Friday

23rd Jun 2017

Iceland not liable for Icesave compensation after landmark ruling

Icelandic taxpayers are not liable to finance compensation of an estimated 350,000 British and Dutch citizens who lost their savings in the wake of the collapse of the country's banking sector in 2008, following a landmark court ruling.

The Court of the European Free Trade Association (EFTA), of which Iceland is a member, ruled on Monday (28 January) that Iceland had not broken the terms of the EU's deposit guarantee scheme legislation.

Dear EUobserver reader

Subscribe now for unrestricted access to EUobserver.

Sign up for 30 days' free trial, no obligation. Full subscription only 15 € / month or 150 € / year.

  1. Unlimited access on desktop and mobile
  2. All premium articles, analysis, commentary and investigations
  3. EUobserver archives

EUobserver is the only independent news media covering EU affairs in Brussels and all 28 member states.

♡ We value your support.

If you already have an account click here to login.

  • 350,000 British and Dutch savers lost money when Icesave collapsed. (Photo: mydogminton)

By ruling that deposit guarantee legislation does not require governments to act as a guarantor of last resort, the court has also posed a difficult question for EU law-makers in advance of legislation to harmonise national deposit guarantee schemes as part of a proposed banking union.

In a statement, the EFTA court said that "the Directive did not envisage the alleged obligation of result to ensure payment to depositors in the Landsbanki branches in the Netherlands and the United Kingdom in a systemic crisis of the magnitude experienced in Iceland."

"How to proceed in a case where the guarantee scheme was unable to cope with its payment obligations remained largely unanswered by the Directive," it concluded.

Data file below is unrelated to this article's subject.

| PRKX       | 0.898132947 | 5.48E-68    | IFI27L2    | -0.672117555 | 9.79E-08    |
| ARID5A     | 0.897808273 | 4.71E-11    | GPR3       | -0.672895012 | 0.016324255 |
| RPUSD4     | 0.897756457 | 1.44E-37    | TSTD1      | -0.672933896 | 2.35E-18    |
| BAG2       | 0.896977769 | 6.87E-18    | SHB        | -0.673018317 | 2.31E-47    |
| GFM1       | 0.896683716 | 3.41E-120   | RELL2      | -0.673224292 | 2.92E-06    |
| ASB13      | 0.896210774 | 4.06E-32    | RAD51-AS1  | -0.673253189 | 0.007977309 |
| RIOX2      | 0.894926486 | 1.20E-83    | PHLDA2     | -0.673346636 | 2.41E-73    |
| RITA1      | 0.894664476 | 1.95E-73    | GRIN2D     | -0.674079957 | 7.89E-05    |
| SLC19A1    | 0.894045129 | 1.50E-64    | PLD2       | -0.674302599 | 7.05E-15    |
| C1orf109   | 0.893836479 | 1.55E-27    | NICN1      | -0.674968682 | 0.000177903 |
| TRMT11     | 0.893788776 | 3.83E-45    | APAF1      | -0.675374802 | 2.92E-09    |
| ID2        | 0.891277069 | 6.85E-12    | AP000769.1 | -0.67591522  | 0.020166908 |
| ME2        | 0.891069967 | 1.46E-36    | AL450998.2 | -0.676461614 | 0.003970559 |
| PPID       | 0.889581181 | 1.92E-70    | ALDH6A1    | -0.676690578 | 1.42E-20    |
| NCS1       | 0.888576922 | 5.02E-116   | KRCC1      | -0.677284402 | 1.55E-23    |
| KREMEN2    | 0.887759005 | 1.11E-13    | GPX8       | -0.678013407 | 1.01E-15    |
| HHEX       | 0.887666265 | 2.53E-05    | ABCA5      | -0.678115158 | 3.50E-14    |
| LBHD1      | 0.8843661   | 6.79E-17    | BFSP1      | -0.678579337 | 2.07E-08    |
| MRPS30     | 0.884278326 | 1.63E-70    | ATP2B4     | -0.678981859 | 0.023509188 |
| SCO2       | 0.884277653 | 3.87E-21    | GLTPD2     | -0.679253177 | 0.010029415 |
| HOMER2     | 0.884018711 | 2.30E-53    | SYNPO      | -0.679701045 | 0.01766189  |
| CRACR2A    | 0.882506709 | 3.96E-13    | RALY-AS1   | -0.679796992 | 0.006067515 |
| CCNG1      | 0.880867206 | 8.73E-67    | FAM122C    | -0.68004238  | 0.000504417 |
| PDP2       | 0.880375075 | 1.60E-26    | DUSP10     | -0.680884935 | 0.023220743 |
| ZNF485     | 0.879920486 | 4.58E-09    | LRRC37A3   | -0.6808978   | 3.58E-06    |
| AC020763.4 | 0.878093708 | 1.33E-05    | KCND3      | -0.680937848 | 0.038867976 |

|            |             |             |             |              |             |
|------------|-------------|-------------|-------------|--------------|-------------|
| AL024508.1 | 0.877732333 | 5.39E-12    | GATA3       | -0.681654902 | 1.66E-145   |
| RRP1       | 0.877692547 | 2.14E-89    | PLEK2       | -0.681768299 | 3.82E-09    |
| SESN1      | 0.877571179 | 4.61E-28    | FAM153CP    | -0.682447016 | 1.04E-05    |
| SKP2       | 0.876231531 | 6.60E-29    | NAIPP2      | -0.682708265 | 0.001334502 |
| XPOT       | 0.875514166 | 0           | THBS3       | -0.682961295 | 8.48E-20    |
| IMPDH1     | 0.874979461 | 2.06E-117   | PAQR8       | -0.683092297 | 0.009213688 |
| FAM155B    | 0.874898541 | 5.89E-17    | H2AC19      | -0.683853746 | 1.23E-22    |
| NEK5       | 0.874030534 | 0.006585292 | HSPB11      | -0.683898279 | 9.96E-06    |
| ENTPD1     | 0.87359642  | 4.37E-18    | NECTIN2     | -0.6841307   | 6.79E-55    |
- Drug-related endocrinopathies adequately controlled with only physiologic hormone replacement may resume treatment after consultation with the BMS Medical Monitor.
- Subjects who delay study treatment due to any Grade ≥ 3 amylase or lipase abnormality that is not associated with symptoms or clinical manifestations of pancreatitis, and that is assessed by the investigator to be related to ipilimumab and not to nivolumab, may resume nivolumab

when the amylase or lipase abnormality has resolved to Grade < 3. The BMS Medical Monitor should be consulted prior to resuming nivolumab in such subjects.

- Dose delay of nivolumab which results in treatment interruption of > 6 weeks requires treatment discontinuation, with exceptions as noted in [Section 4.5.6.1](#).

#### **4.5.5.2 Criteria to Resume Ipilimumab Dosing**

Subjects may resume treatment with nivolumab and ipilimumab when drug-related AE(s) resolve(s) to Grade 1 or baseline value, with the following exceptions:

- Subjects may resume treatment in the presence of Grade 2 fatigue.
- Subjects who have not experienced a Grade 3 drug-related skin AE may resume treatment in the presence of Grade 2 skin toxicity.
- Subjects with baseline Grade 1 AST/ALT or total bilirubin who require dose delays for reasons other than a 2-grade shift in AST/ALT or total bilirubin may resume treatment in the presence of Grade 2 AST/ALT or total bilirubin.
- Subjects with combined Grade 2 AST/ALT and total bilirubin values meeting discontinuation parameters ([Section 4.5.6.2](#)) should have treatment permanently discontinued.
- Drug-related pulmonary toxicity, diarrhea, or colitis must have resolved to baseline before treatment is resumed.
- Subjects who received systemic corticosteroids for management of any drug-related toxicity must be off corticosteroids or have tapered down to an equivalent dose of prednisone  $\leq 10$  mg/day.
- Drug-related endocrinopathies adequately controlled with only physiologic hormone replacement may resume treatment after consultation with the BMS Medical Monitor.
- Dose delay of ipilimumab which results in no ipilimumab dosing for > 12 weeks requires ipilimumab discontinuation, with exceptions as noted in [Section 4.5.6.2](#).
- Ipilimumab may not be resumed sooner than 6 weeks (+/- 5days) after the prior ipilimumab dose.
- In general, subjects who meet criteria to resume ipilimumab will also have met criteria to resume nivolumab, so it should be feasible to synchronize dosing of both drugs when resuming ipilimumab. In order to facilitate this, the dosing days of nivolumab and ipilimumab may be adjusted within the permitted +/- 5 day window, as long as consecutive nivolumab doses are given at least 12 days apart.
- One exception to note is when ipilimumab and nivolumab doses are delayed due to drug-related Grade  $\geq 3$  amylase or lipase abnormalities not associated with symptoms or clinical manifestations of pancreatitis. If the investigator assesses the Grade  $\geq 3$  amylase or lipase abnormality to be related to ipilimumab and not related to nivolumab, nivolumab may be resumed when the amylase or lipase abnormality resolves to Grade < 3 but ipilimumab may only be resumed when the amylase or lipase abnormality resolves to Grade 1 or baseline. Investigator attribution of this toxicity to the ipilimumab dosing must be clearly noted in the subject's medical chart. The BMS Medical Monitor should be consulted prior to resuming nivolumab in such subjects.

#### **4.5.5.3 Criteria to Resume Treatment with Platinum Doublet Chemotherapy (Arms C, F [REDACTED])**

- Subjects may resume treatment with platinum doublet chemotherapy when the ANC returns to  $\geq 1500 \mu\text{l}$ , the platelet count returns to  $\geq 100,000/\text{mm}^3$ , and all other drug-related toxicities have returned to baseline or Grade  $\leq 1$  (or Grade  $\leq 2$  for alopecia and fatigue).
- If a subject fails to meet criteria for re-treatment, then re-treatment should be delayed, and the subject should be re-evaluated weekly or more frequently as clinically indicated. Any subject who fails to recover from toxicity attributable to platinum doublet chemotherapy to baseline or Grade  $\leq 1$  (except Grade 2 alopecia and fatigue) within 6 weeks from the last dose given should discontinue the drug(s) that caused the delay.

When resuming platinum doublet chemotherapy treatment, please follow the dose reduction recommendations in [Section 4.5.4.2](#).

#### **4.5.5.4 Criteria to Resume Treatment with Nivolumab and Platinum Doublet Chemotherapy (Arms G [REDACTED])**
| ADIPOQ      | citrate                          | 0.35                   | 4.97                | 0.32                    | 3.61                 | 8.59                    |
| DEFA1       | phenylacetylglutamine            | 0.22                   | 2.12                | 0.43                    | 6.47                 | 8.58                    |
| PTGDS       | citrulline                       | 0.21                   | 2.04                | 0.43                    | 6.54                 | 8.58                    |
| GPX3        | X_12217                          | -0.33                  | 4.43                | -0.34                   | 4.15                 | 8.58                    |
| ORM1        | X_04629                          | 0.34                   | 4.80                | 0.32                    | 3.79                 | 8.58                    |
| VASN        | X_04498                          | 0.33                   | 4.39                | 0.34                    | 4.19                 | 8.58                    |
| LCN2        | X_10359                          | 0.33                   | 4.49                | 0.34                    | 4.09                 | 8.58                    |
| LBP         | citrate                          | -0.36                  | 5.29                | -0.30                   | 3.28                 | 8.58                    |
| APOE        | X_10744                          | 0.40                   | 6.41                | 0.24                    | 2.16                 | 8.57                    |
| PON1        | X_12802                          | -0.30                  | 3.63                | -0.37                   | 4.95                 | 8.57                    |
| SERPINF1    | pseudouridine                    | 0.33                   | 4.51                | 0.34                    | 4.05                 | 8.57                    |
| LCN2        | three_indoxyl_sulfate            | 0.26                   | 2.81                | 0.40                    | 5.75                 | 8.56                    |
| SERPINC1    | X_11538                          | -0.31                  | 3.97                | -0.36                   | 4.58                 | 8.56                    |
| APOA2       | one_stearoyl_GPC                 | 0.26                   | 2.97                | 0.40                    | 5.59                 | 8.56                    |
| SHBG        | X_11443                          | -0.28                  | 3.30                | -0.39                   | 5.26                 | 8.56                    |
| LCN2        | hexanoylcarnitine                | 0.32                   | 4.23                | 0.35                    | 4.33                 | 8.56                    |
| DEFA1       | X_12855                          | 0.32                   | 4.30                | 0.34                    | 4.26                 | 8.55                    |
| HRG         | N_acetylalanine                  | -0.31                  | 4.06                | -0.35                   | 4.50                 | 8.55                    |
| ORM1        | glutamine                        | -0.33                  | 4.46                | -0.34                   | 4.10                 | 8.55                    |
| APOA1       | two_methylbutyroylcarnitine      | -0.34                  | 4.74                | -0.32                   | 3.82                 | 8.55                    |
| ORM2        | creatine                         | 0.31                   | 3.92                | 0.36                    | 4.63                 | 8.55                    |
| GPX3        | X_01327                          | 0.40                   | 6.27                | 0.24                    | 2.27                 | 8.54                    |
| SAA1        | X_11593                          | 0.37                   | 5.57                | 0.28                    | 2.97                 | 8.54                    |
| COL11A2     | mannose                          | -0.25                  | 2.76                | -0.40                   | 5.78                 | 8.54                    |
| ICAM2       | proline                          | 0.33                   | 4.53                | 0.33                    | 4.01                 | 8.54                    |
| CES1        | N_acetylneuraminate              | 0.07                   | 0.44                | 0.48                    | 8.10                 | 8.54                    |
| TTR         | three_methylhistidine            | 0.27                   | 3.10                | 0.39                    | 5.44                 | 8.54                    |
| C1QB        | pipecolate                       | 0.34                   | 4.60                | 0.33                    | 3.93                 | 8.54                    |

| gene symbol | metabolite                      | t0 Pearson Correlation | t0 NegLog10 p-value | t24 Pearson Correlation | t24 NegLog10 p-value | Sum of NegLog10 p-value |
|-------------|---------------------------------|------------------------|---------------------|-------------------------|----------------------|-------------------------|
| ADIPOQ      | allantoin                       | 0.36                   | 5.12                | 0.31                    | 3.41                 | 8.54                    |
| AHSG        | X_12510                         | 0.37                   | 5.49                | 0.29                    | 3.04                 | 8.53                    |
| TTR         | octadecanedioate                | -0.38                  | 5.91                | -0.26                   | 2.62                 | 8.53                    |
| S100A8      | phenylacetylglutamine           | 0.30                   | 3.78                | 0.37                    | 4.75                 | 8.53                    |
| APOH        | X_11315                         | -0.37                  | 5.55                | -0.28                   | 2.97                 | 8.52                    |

For their part, the Icelandic government expressed "satisfaction" at the ruling, which it said "brings to a close an important stage in a long saga."

A ruling that Iceland had breached the terms of legislation on deposit guarantees could have paved the way for the UK and Dutch authorities to seek damages estimated by the International Monetary Fund to be around €2 billion.

The EFTA surveillance authority brought forward the case against Iceland in December 2011, with the support of the European Commission. It claimed that the Icelandic government was liable to pay out the €20,000 minimum compensation payments set out in the directive to the British and Dutch depositors, and that by reimbursing Icelandic nationals who lost money Reykjavik had breached the principle of non-discrimination.

Iceland's defence had maintained that although the directive requires countries to set up a scheme to protect the deposits of savers, it did not force national governments to guarantee payments.

However, although Iceland is not obliged to repay foreign depositors, the 'winding up committee' of Landsbanki is continuing to reimburse the British and Dutch depositors. A government spokesperson told EUobserver that the estate of Landsbanki had "already reimbursed 50% of the total claim to the UK and the Netherlands…over 90% of the maximum required by the deposit guarantee scheme directive."

"The winding up committee expects to pay all deposit claims with 2-3 years," she added.

Iceland's banking sector collapsed in 2008 at the height of the financial crisis, owing an estimated €4 billion. The liabilities of the three main Icelandic banks, Kaupthing, Landsbanki and Glitnir Bank was over ten times the size of the Icelandic economy prior to their collapse.